Badger said the Catholic Foundation of Maine handles 113 separate gifts that support a range of efforts, from schools to seminarian education to sacred art and other ministries.

Rick Suchan, who heads the Catholic Foundation of Buffalo, New York, had been a banker for 30 years in wealth management before he came to the diocese six years ago. “Now I raise money for Jesus instead,” he said jokingly.

“I use those 30 years of experience every single day because I spend a good chunk of the day with people talking about estate planning … remembering how influential the Church was for them and their families,” Suchan said.

The foundation is responsible for the diocese’s $100 million capital campaign, which began in November 2015. “To help secure a lot of those large leadership gifts, I use my financial background,” he said. The foundation had “projected a 36-month duration,” Suchan added, but by mid-February the amount pledged was already at $85 million, and “by August of this year we should be done. We’re on target and we should exceed our goal by 5 to 10 percent.”

Not every foundation operates, or is governed, in exactly the same way. Most U.S. dioceses are organized as “corporation sole,” meaning its assets are held by the bishop appointed to head the diocese. But on foundation boards of directors, theirs is just one vote among many — and not all foundation charters give their bishop voting privileges.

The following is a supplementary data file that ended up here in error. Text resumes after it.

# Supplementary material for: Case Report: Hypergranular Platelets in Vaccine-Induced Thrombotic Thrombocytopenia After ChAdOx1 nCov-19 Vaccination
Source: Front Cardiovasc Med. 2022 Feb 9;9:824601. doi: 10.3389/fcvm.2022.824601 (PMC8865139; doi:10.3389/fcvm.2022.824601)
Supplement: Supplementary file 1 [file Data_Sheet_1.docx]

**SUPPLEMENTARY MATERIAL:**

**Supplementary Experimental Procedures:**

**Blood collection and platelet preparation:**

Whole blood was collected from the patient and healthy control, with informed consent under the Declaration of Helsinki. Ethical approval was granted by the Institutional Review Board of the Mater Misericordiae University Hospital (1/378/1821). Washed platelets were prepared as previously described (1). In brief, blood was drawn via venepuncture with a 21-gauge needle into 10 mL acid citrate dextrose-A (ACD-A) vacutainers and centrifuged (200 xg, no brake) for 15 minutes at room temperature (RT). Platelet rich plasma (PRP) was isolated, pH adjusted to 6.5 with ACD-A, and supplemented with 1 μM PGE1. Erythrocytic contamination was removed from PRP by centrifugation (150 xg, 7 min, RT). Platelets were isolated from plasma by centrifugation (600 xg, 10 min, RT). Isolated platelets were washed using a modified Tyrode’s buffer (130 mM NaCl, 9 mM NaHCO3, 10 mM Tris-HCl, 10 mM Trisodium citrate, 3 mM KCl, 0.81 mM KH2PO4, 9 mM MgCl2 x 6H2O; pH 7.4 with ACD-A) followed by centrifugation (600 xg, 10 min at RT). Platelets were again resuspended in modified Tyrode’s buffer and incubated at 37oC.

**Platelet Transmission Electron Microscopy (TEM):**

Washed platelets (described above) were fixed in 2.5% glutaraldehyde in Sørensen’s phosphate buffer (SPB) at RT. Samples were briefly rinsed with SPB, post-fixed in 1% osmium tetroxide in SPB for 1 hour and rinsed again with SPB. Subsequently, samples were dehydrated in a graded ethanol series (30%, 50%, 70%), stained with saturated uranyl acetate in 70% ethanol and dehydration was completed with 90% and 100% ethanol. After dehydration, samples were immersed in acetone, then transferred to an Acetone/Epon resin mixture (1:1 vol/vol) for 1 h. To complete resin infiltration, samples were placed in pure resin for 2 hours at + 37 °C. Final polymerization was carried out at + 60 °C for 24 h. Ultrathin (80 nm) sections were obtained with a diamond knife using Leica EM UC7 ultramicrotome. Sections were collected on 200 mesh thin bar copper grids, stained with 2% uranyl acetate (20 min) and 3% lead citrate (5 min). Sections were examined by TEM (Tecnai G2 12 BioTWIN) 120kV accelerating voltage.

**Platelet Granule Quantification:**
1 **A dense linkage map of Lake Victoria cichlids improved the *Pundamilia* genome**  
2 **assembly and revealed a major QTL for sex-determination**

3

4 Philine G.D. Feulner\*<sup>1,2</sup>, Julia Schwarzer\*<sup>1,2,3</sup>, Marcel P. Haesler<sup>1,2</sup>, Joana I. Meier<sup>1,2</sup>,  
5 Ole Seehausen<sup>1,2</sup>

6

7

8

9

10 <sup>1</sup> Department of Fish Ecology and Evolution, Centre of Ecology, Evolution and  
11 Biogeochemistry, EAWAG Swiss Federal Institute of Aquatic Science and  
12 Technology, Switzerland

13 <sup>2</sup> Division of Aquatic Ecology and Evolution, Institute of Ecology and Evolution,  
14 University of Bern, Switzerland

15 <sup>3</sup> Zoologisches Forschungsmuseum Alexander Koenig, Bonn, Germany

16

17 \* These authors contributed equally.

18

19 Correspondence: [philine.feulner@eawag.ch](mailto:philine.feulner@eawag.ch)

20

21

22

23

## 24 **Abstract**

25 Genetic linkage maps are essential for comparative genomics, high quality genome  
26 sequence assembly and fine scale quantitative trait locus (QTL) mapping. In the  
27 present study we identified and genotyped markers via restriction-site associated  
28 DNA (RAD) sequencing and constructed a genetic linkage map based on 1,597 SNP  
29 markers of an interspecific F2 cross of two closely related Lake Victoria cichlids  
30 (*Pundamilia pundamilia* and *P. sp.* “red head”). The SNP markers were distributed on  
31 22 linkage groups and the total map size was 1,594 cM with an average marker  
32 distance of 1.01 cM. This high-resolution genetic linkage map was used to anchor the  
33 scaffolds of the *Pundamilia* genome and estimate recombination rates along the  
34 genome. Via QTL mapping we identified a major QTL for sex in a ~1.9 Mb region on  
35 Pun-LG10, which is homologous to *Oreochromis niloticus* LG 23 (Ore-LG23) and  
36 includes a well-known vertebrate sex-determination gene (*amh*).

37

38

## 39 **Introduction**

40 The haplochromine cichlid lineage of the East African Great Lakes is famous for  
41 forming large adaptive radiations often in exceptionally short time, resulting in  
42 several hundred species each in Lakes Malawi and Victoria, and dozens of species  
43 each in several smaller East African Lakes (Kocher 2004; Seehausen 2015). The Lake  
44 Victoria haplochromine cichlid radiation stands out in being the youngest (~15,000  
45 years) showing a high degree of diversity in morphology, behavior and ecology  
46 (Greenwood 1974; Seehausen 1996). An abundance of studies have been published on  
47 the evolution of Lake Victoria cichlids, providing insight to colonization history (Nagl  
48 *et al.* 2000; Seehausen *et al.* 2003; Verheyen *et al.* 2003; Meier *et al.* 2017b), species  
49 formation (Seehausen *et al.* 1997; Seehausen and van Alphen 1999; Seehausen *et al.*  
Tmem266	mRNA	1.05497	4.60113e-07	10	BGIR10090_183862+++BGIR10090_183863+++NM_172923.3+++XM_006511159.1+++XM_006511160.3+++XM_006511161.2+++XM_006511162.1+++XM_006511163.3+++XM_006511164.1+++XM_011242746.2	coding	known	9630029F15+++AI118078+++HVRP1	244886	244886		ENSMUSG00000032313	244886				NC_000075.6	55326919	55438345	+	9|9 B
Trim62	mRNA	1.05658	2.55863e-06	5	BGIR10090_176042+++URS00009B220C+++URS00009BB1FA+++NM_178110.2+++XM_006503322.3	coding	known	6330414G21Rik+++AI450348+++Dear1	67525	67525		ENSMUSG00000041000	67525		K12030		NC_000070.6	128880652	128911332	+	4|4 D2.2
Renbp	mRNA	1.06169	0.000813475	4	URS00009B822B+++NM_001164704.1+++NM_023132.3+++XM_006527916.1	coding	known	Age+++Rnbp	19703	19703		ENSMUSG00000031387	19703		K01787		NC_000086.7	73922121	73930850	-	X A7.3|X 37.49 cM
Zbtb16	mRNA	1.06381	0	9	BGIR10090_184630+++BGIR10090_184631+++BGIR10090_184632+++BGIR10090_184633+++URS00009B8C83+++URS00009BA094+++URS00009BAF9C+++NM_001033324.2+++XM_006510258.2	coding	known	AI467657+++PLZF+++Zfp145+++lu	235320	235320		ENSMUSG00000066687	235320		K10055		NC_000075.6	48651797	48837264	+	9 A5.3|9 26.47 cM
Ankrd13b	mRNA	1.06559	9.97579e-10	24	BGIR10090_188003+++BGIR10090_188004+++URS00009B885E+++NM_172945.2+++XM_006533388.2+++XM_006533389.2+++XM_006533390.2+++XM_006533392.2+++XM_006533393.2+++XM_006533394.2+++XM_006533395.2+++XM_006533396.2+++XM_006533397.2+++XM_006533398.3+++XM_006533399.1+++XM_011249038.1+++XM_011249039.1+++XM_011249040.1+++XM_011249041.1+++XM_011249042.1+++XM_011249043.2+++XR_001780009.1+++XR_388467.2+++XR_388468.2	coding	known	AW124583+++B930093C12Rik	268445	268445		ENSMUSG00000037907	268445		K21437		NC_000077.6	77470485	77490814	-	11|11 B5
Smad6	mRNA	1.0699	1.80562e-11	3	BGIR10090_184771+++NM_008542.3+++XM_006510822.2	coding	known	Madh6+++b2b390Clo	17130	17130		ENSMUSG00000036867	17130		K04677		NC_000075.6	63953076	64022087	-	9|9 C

Tom Kissane, principal and managing director of CCS Fundraising, a New York-based independent consulting service that counts 125 dioceses among its clients, said that for Catholics like himself, “most giving is often rooted in stewardship principles … so it’s often a combination of one’s own way of life. They embrace stewardship, and there are major needs that a parish or diocese have: the need to expand ministry, sustain and advance Catholic schools, various ways to engage our youth, and capital projects are a part of it. Roman Catholic dioceses are extraordinarily responsive.”

Parishes have one distinct advantage. “The key difference is that parishes welcome worshippers every week,” Kissane said, with “an active Catholic offertory that is approached weekly. Colleges, they’re lucky if they [alumni] go back annually.”

The Catholic Spirit contributed to this story

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Category: Family Financial Planning